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Figure 1.  Estimates of Seroprevalence to Severe Acute Respiratory Syndrome Coronavirus 2 (SARS-CoV-2) Antibodies and Timeline of Specimen Collection
Estimates of Seroprevalence to Severe Acute Respiratory Syndrome Coronavirus 2 (SARS-CoV-2) Antibodies and Timeline of Specimen Collection

A, Estimates are shown with 95% CIs for 10 geographic sites from which residual clinical specimens were collected. Seroprevalence estimate is shown at the midpoint of the specimen collection date range. B, Timeline with specimen collection dates for each site.

Figure 2.  Strata-Specific Estimates of Seroprevalence to Severe Acute Respiratory Syndrome Coronavirus 2 (SARS-CoV-2) Antibodies in 10 Geographic Sites
Strata-Specific Estimates of Seroprevalence to Severe Acute Respiratory Syndrome Coronavirus 2 (SARS-CoV-2) Antibodies in 10 Geographic Sites

A, Estimates of seroprevalence to SARS-CoV-2 antibodies by sex, from highest to lowest overall seroprevalence. B, Strata-specific estimates of seroprevalence to SARS-CoV-2 antibodies by age group, from highest to lowest overall seroprevalence.

Table 1.  Number of Residual Clinical Specimens From Commercial Laboratories Tested for Antibodies to Severe Acute Respiratory Syndrome Coronavirus 2 in 10 Geographic Sites, by Sex, Age Group, and Location, With Dates of Specimen Collection for Each Site
Number of Residual Clinical Specimens From Commercial Laboratories Tested for Antibodies to Severe Acute Respiratory Syndrome Coronavirus 2 in 10 Geographic Sites, by Sex, Age Group, and Location, With Dates of Specimen Collection for Each Site
Table 2.  Sex-Specific, Age-Specific, and Age- and Sex-Standardized Seroprevalence Estimates, Adjusted for Assay Performance Characteristics, for Specimens Collected in 10 Geographic Sitesa,b
Sex-Specific, Age-Specific, and Age- and Sex-Standardized Seroprevalence Estimates, Adjusted for Assay Performance Characteristics, for Specimens Collected in 10 Geographic Sitesa,b
Table 3.  Estimated Number of Infections Based on Seroprevalence Estimates and Comparison With the Number of Reported Cases as of the Last Date of Specimen Collection for 10 Sites
Estimated Number of Infections Based on Seroprevalence Estimates and Comparison With the Number of Reported Cases as of the Last Date of Specimen Collection for 10 Sites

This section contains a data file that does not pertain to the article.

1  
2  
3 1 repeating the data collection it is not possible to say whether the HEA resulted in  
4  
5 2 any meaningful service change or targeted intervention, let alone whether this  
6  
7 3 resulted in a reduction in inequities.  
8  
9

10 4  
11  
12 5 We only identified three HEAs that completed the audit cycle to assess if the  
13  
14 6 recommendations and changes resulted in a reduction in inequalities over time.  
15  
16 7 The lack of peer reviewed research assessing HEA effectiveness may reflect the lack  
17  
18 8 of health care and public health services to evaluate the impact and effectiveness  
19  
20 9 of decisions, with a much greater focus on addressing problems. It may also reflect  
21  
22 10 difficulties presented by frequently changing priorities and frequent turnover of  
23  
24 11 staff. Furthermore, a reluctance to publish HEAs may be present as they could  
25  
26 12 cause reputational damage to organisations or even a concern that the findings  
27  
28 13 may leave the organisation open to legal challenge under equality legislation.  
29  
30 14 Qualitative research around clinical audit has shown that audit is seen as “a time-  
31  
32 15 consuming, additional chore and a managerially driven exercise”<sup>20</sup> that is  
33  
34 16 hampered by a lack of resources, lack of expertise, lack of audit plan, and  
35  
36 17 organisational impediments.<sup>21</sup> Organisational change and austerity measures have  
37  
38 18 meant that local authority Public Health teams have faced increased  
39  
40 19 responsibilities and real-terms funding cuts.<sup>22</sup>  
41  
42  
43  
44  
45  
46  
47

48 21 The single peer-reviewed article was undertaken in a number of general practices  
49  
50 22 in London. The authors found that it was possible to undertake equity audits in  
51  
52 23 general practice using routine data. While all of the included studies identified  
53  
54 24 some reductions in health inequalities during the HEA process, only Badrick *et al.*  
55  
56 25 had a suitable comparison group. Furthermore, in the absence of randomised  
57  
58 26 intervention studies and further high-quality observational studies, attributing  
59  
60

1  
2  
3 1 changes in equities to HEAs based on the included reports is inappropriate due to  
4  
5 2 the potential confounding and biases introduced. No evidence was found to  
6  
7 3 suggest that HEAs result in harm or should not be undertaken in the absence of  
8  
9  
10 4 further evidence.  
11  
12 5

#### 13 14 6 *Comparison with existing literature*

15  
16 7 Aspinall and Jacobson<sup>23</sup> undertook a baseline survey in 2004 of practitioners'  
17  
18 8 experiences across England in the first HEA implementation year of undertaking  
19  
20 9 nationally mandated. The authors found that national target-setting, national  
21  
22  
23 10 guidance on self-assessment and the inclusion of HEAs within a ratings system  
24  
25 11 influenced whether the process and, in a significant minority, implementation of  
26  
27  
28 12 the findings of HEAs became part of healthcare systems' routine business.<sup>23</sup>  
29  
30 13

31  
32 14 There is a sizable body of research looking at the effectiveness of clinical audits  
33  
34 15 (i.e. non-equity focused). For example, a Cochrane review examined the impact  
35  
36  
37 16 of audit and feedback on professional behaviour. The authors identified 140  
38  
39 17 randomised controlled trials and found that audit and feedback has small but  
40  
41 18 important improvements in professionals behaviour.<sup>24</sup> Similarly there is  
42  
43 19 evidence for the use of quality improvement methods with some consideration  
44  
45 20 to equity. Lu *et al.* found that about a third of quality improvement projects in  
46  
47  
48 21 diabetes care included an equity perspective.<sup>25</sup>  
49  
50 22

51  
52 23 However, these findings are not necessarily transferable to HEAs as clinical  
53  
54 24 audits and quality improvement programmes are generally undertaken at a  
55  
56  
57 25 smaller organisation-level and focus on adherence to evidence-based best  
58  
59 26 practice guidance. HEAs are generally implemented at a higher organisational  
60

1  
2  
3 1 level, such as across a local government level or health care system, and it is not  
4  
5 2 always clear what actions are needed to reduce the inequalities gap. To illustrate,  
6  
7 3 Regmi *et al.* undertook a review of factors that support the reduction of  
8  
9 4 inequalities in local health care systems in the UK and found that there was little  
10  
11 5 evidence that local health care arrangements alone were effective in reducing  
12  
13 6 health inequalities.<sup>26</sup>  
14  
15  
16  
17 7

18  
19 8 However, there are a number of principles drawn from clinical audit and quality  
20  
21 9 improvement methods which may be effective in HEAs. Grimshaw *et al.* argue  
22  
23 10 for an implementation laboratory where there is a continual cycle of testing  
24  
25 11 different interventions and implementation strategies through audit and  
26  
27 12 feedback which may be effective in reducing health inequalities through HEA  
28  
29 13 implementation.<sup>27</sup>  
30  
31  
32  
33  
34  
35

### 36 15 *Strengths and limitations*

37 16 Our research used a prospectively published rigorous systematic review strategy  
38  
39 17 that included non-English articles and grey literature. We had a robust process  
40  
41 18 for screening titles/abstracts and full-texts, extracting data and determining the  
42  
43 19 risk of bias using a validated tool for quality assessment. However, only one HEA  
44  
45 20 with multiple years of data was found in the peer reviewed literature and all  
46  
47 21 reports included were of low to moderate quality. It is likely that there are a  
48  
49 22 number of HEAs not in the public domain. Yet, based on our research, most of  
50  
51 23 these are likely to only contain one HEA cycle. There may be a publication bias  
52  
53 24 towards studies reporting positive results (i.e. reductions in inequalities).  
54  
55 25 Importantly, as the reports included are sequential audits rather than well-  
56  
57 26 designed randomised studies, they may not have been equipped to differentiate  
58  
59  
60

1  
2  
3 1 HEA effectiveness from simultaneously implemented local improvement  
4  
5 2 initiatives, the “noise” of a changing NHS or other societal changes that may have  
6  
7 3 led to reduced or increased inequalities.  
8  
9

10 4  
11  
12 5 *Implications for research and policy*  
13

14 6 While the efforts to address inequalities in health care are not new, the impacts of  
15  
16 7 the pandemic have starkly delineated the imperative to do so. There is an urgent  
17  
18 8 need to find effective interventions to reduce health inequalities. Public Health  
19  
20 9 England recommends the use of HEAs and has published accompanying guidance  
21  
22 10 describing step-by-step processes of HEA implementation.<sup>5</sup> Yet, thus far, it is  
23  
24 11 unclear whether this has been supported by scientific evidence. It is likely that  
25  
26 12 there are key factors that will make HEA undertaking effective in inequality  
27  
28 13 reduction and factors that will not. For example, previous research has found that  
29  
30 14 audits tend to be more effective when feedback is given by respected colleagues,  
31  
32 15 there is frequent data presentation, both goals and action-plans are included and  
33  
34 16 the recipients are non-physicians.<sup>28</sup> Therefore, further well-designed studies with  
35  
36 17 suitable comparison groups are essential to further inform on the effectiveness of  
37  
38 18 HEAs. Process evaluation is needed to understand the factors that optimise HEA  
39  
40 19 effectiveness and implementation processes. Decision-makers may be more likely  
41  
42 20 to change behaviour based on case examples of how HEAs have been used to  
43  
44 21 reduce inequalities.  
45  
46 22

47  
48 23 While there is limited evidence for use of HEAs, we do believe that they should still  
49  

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    4 Comments for this article
    EXPAND ALL
    silver lining: death rates from Covid-19 largely affected by estimated infections
    Withania Somnifera, PhD | University
    If all assumptions, estimates and other limitations of this study are accepted, then if the extent of infection is about 10x than reported, this would mean that the death rate from Covid-19 is about 10x smaller than reported. This would appear to make this pandemic less lethal than reported in the media including the JH database.
    CONFLICT OF INTEREST: None Reported
    Unbiased Sampling for Prevalence/Incidence
    Tor Tosteson, ScD | Dartmouth
    The population incidence rate of COVID-19 is clearly a key parameter for predicting and managing the pandemic. However, this article uses data subject to selection bias to estimate such rated. Random samples may overcome these.

    Sample surveys such as the CDC National Health Interview Survey may offer an mechanism for doing this. Response bias may be encountered as well, but it should be at least attempted.
    CONFLICT OF INTEREST: None Reported
    Estimates of case fatality rates from study data
    DAVID KELLER, MD, MS | Internal Medicine
    Case fatality rate (CFR), defined as the number of deaths due to an infectious disease divided by the number of cases of the disease, is of great interest for estimating an infected individual's unadjusted risk of death from the disease, and for comparison with the unadjusted risk of death from other diseases (e.g., influenza).  CFR can only be calculated using final data, collected after all the cases have been resolved (either died or recovered).  The number of cases of the disease in a population is best calculated using the seroprevalence of convalescent antibodies.

    This study found the number of
    cases of COVID-19, as calculated from seroprevalence data, was 6 to 24 times larger than the number calculated from reported results of direct disease testing.  If accurate, then the true CFR for COVID-19 is 6 to 24 times smaller than the CFR derived from the reported number of cases from direct disease testing.  If the CFR is indeed an order of magnitude smaller than previously suspected, then the cost-to-benefit ratio of mitigation efforts is an order of magnitude higher than previously suspected.

    I divided the number of infections estimated for each of the 4 complete states examined in this study by the current total number of deaths reported for these states by CDC, to calculate an updated rough estimate of the CFR for each state.  The results were CFRs of 0.5%, 0.7%, 1.3% and 2.5% for UT, MO, LA and CT respectively.  Note that CT is one of a handful of states which practiced widespread transfer of patients with active COVID-19 infections into nursing homes.  Other differences between the calculated CFRs of these states may be due to differences in age or other population factors which determine the severity of COVID-19 disease, or differences in severity between local strains of the virus.  

    Ongoing calculations of CFR, based on increasingly accurate data, should improve over time, and converge for similar populations and virus strains.  

    CONFLICT OF INTEREST: None Reported
    READ MORE
    Differences between CDC and Santa Clara Seroprevalence Data